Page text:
Tag: Anna Cordingley


Blithely bewitching cabaret

By Amy Planner

Meow Meow’s Little Mermaid is a quirky take on Hans Christian Andersen’s fairy tale that looks into the modern gal’s plight for romance. This cabaret performance is a quest for love explored through music, a journey that discovers the two are sometimes unescapably intertwined and a tale that proves sometimes you’ll find it where you least expect it.

Meow Meow's Little Mermaid.jpg


With a little burlesque, a smidge o’ circus, a touch of mermaid-esque audience participation and a whole lot of cabaret, Meow Meow has created a truly original show based on an age-old tale.

Meow Meow is a real performer’s performer. She has a voice that would silence a riot and a performance capability that would have the rebels all in a conga line in no time. Comedy Director Cal McCrystal did a fantastic job keeping the hilarity rolling, and when paired with Meow Meow’s innate sense of farce, it was utterly entertaining.

Meow’s on stage lover, Chris Ryan, enters the show quite late but has the desired effect. He has an important charisma and deserves major kudos for singing wonderfully in German, not to mention pulling off some outrageous costume moments. Ryan had a subtle presence, but perhaps that was just in comparison to Meow Meow’s tremendous allure and sparkle that we know and love.

The flow of the cabaret style show was a little unsteady in parts: Meow Meow seemed to become so wrapped up in the audience’s favourable reception that there was a little rockiness created. However, it was barely a blip on the cabaret radar as the audience awaited the next unpredictably delightful moment.

The costuming by Anna Cordingley is unique and impressively well-fitted in Meow Meow’s case. She sparkled as she crowd-surfed over the unsuspecting audience, hung from the ceiling, wriggled and writhed in a net that swung over the stage, and hobbled around in a high heel and in a ballet toe point as her ‘land legs’ grew.

Meow Meow’s Little Mermaid is certainly not for the faint of heart, unless of course your heart is faint but in desperate need of a lesson on love and a night of superbly witty entertainment.

Venue: Merlyn Theatre, The Coopers Malthouse, 113 Sturt Street, Southbank
Season: 28 Jan – 14 Feb
Tickets: Adult $65, Senior $60, Concession $50, Student & Under 30s $35
Bookings: malthousetheatre.com.au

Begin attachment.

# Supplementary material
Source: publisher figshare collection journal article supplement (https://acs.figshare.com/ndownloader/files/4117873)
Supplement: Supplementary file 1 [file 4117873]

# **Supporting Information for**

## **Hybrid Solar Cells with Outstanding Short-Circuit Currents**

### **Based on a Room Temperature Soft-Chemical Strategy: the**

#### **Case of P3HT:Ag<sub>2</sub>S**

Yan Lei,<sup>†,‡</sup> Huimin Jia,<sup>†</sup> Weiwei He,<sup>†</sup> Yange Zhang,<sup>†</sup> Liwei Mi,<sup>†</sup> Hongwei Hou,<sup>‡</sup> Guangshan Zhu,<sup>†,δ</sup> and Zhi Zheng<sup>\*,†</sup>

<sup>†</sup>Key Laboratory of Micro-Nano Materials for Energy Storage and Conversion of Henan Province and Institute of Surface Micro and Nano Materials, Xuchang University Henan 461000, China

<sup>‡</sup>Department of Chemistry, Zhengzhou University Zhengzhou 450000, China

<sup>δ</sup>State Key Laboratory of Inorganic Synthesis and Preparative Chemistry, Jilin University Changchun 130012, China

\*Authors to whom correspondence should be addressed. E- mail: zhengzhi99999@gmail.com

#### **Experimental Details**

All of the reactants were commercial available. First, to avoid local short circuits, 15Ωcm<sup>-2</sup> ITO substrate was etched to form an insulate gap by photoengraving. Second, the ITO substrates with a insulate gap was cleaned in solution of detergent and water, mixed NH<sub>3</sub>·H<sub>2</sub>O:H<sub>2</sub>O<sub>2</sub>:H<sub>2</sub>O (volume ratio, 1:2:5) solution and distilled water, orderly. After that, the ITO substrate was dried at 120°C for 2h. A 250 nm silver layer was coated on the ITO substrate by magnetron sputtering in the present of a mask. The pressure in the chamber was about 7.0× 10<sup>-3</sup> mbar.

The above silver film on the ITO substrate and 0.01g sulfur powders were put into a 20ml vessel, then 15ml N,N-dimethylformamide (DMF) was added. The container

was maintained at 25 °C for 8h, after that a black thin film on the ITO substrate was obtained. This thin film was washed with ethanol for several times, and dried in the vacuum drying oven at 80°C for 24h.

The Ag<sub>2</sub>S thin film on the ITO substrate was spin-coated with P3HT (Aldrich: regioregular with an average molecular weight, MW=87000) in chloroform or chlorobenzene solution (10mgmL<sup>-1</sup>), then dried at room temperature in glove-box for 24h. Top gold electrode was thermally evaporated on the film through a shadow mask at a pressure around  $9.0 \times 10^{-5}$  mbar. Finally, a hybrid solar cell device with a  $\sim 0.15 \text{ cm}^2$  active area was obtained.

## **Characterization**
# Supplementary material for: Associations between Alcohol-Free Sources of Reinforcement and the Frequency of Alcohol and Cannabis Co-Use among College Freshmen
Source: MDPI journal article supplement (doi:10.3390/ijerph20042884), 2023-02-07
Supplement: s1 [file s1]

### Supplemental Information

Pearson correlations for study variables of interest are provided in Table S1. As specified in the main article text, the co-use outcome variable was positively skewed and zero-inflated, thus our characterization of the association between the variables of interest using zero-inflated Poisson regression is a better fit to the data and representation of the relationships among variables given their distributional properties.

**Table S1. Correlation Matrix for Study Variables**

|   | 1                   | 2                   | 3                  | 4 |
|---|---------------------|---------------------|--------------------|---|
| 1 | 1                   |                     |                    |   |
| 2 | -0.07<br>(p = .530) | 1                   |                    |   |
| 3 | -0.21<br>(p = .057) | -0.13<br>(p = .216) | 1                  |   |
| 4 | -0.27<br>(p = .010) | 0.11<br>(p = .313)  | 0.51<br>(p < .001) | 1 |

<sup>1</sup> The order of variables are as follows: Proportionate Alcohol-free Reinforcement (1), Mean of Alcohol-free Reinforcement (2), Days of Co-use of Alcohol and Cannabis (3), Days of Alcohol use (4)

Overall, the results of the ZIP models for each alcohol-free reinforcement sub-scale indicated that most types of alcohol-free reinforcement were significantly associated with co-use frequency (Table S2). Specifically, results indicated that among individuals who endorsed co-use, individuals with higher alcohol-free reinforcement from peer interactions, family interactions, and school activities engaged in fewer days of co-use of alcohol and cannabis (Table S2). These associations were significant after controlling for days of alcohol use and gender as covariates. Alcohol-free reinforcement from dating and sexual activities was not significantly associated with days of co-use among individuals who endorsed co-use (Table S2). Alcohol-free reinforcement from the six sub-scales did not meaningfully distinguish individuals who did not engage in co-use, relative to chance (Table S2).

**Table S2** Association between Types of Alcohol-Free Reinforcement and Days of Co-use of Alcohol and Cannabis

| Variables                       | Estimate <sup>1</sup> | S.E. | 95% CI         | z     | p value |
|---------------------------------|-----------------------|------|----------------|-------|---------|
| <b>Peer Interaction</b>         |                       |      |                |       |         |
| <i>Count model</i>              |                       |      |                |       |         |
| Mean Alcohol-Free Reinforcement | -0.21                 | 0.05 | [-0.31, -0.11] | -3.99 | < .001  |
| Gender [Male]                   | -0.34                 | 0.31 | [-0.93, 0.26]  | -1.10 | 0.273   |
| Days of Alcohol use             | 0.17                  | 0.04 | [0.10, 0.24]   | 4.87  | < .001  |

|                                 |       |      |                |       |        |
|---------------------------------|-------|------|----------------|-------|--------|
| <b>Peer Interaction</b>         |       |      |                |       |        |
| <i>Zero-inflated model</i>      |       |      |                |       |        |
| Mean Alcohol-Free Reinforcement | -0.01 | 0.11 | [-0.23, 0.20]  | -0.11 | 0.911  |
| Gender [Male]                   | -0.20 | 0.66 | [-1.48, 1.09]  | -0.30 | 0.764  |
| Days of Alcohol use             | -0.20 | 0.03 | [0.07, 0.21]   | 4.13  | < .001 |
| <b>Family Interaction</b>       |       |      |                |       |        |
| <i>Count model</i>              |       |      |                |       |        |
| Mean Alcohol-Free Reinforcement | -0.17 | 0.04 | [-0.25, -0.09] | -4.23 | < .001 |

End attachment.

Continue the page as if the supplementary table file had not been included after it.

Image by Pia Johnston

REVIEW: Daniel Schlusser Ensemble in M+M

Daring to unravel a Russian classic

By Christine Moffat

M + M is the theatrical reworking of Bulgakov’s classic Russian novel The Master and Margarita by exploratory masters the Daniel Schlusser Ensemble for this year’s Melbourne Festival.  Approaching such a novel with reverence, and producing a slavish retelling is not in this Ensemble’s vocabulary.  Instead, this innovative group always attempt to crack the code underpinning the work of art, and present its inner workings to the audience.  Unfortunately, in this production they have taken a risk that has not entirely paid off.


Some elements of this show are truly superb.  The set design by Anna Cordingley and Romaine Harper is outstanding, and used extensively and with great effect by director Daniel Schulusser.  Every performer (Johnny Carr, Josh Price, Nikki Shiels, Karen Sibbing, Emily Tomlins, Mark Winter & Edwina Wren) bravely attacks the show with energy, commitment and obvious talent.

Deconstructing such rich source material is ambitious for when it comes to reconstructing, how do you decide which elements must be reinstated?  The attempt to connect the novel to Pussy Riot and modern Russian social oppression is disjointed.  Instead of combining these themes, the performance gives the sense of empty, barren space between them.  The program invites the audience to view the piece as “…theatrical architecture…”, but the parts are too loosely connected to achieve this.  It could be better compared to blueprints and a collection of building materials.

It is not a narrative that this production lacks, but rather any emotional resonance.  The vignettes performed on stage are diaspora; closer to resembling performance art than theatre, but not managing the shock or provocation common to that art form either.  Whether this production succeeds in affecting others in its audience emotionally, or merely works visually, the Daniel Schlusser Ensemble have achieved an outcome that can inform and feed their future works.

Sometimes parts do not create a cohesive and greater whole.  In approaching a seemingly impossible novel, this Ensemble should impress us in the attempt, and in the many successful moments it produces.  Sadly, this reconstruction still feels as if it has major elements of the original source missing.  It is like a beautiful watch that has been rebuilt without hands – each component is lovingly crafted, but it has no way of performing as intended and so we have no way of receiving its ultimate message.

Oct 12 – 16 (no show Oct 15)

Theatre Works, 14 Acland Street St Kilda

Tickets: $65 / $50 / Under 30s $35, Student $25

Bookings: theatreworks.org.au, 03 9534 3388, or Ticketmaster 136 100